Here's a little lesson on what happens when you have dissimilar metals in contact for a long time. This was a screw going through my mast holding something on (forgot which screw it was.)  When it was originally installed, there was no duralac or tefgel added - and the stainless and aluminum have bonded.  When the screw was removed, the threads were stripped out of the aluminum.  To avoid this, just coat with Duralac or Tefgel.  There's no reason not to!

I made a mockup of my solar panel complete with installation hardware so we could work out how to mount them. 

One of the installed panels, there is another on the starboard side.  Each panel is rated at 135 watts.  Of course if either of them is shaded, that drops down to around 0, and with my pole, mast, boom, bimini etc, one of them is bound to be shaded.  But if they both have sunlight, I'll be making lots of power.  I'll track my energy usage and creation as I'm pretty curious how close to energy balance I'll be.  The rail mount seemed to most minimal of the options - if after using it for a year I'm not happy, we can change it.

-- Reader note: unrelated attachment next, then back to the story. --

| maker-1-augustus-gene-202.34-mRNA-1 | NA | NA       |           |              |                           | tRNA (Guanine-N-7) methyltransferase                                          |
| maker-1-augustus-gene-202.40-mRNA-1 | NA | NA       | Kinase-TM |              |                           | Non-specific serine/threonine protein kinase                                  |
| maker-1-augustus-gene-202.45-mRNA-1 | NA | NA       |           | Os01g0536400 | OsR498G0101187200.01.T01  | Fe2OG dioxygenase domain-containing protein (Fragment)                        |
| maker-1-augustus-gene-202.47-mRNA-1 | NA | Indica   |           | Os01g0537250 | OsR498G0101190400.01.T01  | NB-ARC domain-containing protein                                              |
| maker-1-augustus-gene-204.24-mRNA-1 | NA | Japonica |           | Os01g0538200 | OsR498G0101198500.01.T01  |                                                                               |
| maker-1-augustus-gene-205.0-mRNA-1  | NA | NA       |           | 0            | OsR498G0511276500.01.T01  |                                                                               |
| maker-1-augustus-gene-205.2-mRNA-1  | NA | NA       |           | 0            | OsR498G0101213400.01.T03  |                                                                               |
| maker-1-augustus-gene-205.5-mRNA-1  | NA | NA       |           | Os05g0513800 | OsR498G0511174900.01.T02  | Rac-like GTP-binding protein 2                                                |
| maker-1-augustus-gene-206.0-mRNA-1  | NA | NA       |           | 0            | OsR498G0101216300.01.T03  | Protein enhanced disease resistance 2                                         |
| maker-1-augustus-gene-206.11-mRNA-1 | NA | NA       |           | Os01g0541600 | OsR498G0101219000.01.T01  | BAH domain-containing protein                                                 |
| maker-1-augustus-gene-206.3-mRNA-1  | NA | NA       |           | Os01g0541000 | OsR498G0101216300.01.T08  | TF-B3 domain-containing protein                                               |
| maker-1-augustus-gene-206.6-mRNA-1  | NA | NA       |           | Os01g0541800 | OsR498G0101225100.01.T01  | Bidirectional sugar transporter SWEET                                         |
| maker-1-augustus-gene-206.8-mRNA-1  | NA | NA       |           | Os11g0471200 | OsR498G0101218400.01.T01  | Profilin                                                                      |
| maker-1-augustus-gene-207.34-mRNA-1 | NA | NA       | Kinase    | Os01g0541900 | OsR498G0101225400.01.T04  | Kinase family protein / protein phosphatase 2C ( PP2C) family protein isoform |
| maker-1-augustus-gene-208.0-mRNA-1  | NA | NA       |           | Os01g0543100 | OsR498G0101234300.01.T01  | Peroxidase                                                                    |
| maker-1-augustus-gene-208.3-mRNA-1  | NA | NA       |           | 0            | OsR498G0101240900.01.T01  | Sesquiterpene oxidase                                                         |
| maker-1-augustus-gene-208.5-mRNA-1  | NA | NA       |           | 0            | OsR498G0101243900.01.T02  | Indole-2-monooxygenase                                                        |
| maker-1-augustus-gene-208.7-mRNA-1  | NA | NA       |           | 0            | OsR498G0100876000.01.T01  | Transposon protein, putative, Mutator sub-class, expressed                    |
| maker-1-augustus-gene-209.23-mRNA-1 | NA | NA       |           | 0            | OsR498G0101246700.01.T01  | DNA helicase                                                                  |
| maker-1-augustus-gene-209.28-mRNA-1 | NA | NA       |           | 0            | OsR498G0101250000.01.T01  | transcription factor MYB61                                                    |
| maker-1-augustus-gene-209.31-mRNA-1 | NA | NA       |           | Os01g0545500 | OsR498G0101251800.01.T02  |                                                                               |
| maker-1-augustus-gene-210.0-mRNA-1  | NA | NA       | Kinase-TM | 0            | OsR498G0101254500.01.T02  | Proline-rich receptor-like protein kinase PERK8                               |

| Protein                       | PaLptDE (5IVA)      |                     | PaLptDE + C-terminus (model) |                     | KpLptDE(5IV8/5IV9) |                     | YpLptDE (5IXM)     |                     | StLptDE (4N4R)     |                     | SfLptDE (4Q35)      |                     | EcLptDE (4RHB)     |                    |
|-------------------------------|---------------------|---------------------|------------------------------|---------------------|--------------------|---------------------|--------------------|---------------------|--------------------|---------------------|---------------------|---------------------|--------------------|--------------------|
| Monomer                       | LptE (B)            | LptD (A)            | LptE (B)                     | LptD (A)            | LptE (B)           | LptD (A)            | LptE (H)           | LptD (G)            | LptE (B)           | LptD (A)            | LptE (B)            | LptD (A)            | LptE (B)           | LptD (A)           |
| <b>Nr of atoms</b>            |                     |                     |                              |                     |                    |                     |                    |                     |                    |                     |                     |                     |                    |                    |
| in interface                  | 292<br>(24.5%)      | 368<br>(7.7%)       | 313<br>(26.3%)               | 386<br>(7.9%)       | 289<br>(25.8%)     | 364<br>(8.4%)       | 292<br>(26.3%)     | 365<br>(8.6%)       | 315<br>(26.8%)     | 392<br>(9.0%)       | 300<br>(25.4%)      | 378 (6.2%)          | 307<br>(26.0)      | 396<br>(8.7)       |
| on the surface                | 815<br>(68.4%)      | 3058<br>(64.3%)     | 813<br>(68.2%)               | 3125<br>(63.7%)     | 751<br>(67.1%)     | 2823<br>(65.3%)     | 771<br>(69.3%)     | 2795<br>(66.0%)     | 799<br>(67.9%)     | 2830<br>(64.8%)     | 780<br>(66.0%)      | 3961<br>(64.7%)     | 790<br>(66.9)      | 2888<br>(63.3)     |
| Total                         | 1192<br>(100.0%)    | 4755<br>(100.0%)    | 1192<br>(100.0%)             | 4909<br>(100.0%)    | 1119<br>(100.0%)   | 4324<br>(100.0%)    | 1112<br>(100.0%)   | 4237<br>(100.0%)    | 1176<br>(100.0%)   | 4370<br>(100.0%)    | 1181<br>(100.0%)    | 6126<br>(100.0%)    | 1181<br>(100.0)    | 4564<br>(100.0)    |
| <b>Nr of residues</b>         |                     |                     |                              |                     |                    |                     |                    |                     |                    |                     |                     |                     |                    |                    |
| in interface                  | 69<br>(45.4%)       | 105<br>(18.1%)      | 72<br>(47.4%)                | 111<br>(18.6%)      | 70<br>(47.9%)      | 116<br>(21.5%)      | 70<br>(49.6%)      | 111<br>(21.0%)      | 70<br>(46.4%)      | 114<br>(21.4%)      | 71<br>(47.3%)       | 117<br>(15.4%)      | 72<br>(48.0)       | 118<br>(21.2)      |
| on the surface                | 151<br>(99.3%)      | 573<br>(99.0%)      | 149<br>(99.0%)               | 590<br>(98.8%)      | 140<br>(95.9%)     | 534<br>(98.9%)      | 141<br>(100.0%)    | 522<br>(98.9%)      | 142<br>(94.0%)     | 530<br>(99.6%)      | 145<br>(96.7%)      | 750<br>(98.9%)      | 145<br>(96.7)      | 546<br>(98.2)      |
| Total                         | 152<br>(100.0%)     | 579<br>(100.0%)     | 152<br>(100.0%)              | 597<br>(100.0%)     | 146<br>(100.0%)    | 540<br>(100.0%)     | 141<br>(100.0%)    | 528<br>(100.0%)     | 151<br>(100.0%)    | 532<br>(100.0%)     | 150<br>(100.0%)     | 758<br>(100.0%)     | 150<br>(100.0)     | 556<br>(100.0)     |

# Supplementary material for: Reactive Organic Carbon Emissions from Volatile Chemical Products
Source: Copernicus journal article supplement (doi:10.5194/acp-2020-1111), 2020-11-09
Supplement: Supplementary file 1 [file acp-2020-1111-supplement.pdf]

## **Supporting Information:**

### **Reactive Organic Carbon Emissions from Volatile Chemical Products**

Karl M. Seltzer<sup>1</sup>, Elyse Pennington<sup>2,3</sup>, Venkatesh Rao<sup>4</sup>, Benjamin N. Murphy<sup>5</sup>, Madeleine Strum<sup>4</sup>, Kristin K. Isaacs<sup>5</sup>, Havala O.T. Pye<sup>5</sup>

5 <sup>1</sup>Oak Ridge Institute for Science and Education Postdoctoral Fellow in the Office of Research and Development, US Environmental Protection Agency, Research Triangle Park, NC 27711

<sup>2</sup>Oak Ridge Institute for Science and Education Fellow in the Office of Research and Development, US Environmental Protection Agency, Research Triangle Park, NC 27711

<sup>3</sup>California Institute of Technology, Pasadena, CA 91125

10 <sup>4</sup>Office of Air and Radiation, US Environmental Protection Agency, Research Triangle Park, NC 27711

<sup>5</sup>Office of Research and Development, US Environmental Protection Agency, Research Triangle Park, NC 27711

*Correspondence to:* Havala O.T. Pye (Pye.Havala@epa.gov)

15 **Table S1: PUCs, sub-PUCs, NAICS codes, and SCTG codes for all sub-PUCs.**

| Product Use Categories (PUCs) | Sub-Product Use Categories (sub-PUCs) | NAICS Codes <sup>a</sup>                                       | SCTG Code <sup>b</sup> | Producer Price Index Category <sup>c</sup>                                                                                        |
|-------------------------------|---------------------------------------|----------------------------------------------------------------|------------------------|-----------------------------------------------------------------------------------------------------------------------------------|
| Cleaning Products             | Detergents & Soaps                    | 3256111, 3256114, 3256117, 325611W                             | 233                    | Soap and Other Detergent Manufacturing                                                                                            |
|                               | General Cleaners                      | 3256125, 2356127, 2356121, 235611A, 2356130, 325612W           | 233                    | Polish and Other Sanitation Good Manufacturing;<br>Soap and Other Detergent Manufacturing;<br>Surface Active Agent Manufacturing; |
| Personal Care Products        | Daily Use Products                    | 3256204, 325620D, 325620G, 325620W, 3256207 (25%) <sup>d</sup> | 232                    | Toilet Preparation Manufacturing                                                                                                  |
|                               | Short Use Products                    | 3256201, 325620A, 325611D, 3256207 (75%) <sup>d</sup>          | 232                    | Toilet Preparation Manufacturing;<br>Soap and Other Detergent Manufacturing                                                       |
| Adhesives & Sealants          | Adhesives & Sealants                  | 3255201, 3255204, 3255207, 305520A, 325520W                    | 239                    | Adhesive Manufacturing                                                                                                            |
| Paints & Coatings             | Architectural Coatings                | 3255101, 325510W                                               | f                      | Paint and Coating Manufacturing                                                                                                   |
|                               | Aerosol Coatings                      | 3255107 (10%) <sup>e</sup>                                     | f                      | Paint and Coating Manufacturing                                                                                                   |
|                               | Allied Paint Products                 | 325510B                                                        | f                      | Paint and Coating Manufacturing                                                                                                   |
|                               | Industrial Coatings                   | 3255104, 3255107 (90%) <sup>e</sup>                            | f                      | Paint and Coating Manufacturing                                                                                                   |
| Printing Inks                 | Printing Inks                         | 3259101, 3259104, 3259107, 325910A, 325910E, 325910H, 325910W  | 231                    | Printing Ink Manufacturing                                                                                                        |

Here's a picture of my new radar/wind generator pole.  I haven't been out to test it yet - that will come.

This is hard to see, but its my new forestay toggle. There is good movement fore and aft, as well as side to side.  Its also beefy.  Much beefier than what it replaced.  The part came about twice as long as what you see.  I was imagining a trip to a machine shop to get it cut to what we needed. Terry disappeared into his shop for a few minutes and came out with it the right size.  Then he disappeared again and came out with it rounded and polished a few minutes after that.  As we were installing it, we found that part of the toggle was too wide to fit between the two anchor rollers.  One last trip inside the shop fixed that.  Its a custom bracket fit to my boat.  Looking at it you wouldn't realize it had been fit at all.